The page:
In our last post, we discussed the top three societal risks facing your Supply Management organization that were chronicled in the World Economic Forum‘s 6th annual Global Risks report. Chronicling thirty seven types of risk divided into five categories, this report did a tremendous job of covering the types of risk that an average Supply Management organization needs to prepare for. Today, SI is going to continue its coverage of the report by discussing what it believes are the top three risks from an environmental perspective.
03: Climate Change
Climate change may not seem like a big risk, but it can have drastic consequences on your operations. Not only can it increase the likelihood of (tropical) storms, floods, blizzards, and ice storms, which can destroy your factories, wash away your delivery trucks, trap your workers in the factory for a week, and take down entire power grids, but it can wreak havoc on your operations. For example, if you want to drill for oil in the oil sands, you need the ground partially frozen. If six months are required to extract a year’s worth of oil but by the time the ground freezes there will be less than four months of drilling time, problem. And if the risk of flooding is significantly increased, so are the chances of your supply chain being brought to a grinding halt.
02: Earthquakes & Volcanic Eruptions
The 9.0 magnitude earthquake in Japan back in March demonstrated the devastation that earthquakes could have on global supply chains. The earthquake and resulting tsunamis not only damaged or destroyed thousands of homes and hundreds of factories, which resulted in almost 20,000 deaths, but also resulted in the immediate declaration of a state of emergency at a nuclear power plant when dangerous levels of radiation escaped the Fukushima No. 1 (Daiichi) plant. In addition, it triggered the immediate shut down of 15 of Japan’s nuclear power stations and a crisis at the Tokai No. 2 Power station was narrowly averted.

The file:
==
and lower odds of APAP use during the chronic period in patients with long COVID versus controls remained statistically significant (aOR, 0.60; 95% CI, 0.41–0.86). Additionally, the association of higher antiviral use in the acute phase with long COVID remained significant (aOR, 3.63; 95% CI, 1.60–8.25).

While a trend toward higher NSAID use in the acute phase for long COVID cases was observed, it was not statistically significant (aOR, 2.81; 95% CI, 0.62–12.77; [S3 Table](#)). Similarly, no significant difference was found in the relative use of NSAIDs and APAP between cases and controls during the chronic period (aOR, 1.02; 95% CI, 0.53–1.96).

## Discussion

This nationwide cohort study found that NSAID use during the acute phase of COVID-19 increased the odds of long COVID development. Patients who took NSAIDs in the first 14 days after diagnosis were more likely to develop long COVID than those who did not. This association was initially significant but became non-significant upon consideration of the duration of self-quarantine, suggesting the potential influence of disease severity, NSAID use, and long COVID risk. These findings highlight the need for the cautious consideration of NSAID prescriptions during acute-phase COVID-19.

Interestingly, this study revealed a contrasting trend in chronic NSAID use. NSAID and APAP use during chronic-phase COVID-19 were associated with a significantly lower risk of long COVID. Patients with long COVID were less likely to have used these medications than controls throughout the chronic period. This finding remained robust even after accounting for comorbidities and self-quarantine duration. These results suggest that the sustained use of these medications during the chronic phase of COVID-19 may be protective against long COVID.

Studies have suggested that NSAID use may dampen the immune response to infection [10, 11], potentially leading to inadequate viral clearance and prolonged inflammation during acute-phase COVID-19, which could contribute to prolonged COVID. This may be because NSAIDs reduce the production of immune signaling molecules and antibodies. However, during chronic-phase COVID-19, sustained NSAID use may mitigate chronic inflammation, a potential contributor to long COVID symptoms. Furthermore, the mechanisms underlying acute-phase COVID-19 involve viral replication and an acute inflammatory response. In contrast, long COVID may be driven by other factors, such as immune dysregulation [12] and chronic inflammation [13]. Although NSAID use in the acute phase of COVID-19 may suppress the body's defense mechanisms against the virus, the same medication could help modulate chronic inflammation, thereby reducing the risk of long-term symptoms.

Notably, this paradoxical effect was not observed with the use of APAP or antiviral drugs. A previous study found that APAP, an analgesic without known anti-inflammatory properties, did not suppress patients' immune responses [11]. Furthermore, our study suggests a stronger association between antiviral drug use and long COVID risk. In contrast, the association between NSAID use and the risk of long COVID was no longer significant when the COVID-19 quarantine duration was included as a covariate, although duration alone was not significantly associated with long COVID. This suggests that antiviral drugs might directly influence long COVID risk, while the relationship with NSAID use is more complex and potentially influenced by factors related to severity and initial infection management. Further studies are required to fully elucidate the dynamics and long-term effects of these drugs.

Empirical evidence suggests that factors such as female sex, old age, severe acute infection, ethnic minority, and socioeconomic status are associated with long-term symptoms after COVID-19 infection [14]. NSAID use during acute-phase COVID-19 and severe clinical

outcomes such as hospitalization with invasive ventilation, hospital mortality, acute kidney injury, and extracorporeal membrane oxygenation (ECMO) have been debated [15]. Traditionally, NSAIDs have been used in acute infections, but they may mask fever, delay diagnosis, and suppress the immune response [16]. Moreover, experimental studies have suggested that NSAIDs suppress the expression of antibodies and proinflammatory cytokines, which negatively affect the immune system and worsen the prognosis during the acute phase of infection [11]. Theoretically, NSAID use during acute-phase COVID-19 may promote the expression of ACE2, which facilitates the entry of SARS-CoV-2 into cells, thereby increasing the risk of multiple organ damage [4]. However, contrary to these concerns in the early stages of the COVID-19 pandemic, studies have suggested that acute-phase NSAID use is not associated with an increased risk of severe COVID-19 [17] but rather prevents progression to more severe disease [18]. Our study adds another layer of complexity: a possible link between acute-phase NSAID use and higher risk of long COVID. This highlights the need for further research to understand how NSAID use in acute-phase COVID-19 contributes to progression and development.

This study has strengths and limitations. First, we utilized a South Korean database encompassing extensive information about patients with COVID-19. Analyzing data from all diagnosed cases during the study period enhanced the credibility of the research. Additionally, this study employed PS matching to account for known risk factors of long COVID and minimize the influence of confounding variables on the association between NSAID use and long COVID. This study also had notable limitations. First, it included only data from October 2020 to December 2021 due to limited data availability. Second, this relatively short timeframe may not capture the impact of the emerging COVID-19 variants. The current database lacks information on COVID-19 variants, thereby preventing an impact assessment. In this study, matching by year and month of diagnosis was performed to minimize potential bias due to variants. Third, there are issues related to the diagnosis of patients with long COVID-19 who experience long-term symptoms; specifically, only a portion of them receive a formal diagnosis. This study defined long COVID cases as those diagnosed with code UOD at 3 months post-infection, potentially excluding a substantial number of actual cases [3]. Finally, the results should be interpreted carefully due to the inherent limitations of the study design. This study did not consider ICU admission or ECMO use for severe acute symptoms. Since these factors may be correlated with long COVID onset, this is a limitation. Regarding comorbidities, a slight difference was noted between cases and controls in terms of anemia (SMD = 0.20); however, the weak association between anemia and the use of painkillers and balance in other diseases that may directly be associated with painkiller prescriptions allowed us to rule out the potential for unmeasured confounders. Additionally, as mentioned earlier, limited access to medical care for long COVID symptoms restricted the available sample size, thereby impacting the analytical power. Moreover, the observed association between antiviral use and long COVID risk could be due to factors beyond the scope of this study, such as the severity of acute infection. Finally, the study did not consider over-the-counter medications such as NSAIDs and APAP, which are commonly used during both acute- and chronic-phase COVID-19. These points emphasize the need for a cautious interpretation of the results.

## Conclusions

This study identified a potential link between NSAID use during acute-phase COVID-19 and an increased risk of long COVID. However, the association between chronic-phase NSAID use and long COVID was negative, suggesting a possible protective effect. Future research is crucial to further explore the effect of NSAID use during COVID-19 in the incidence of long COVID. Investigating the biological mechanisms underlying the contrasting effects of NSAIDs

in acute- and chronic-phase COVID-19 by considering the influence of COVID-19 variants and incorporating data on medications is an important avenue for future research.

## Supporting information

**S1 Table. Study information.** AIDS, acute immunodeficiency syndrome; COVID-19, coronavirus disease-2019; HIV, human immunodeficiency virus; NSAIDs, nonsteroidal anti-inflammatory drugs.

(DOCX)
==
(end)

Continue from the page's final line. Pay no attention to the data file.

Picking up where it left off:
However, this earthquake is nothing compared to what a well placed major volcanic eruption can accomplish. Not only can a major eruption near the edge of a tectonic plate trigger an earthquake, but it could launch enough ash into the air to make air travel through a region impossible for months. The recent volcanic explosions in Iceland are nothing compared to some of the eruptions that have happened in the last few thousands years. Not even the eruption of Mount St Helens in 1980 was very big. It only erupted 1 cubic km of lava. The largest eruption, in terms of java discharged, in the last 99 years was Pinatubo in the Phillipines in 1991. A whole 10 cubic kms of lava was released. The 1912 eruption of Katmai in Alaska released 12 cubic kms. And this is nothing compared to the 1815 eruption of Tambora in Indonesia that released 100 cubic kms of lava. And students of history are aware of how Mount Vesuvius buried Pompei under 4 to 6 m of ash and pumice. The eruption of Krakatoa in 1883, which was heard across the world, released so much ash into the air that it caused a volcanic winter. Temperatures worldwide dropped an average of 1.2° C for the next 5 years as a result of ash that was ejected 20,000 ft high. If this happened today, air travel would be interrupted for at least six months in the region. The interruptions in air travel as a result of the Icelandic explosions would be minor in comparison.
The recent floods in Thailand are a perfect example of the significant impact that floods can have on global supply chains. With insurance losses expected to reach 20 Billion (Insurance Insight) with over 10,000 factories impacted to various extents, a single flood can cause so much damage that it could literally bankrupt an operation. The automotive sectors and electronic sectors were impacted the hardest — more than 400 Japanese companies in these sectors suspended operations or lowered output as a result of the floods.
And with global warming, which is causing many of the ice flows in the arctic to break up, the risk of flooding is greatly increasing. Many of the worst floods in history were ice-jam floods resulting from “breakup jams” which force ponding upstream and a rapid release of water when the ice dams breach. This is what happened in (April) 1952 on the Missouri River in (Bismarck) North Dakota where an eroding ice dam resulted in flow increasing from about 2,100 m3/s to more than 14,000 m3/s in less than 24 hours. The river rose 5 feet in less than 2 hours and submerged nearly everything south of US Highway 10. Fortunately, this was not a densely populated area, otherwise, instead of 200 houses being destroyed, there would have been 20,000 houses destroyed and likely thousands of deaths. If this happened near your factory, it would be wiped out almost instantaneously.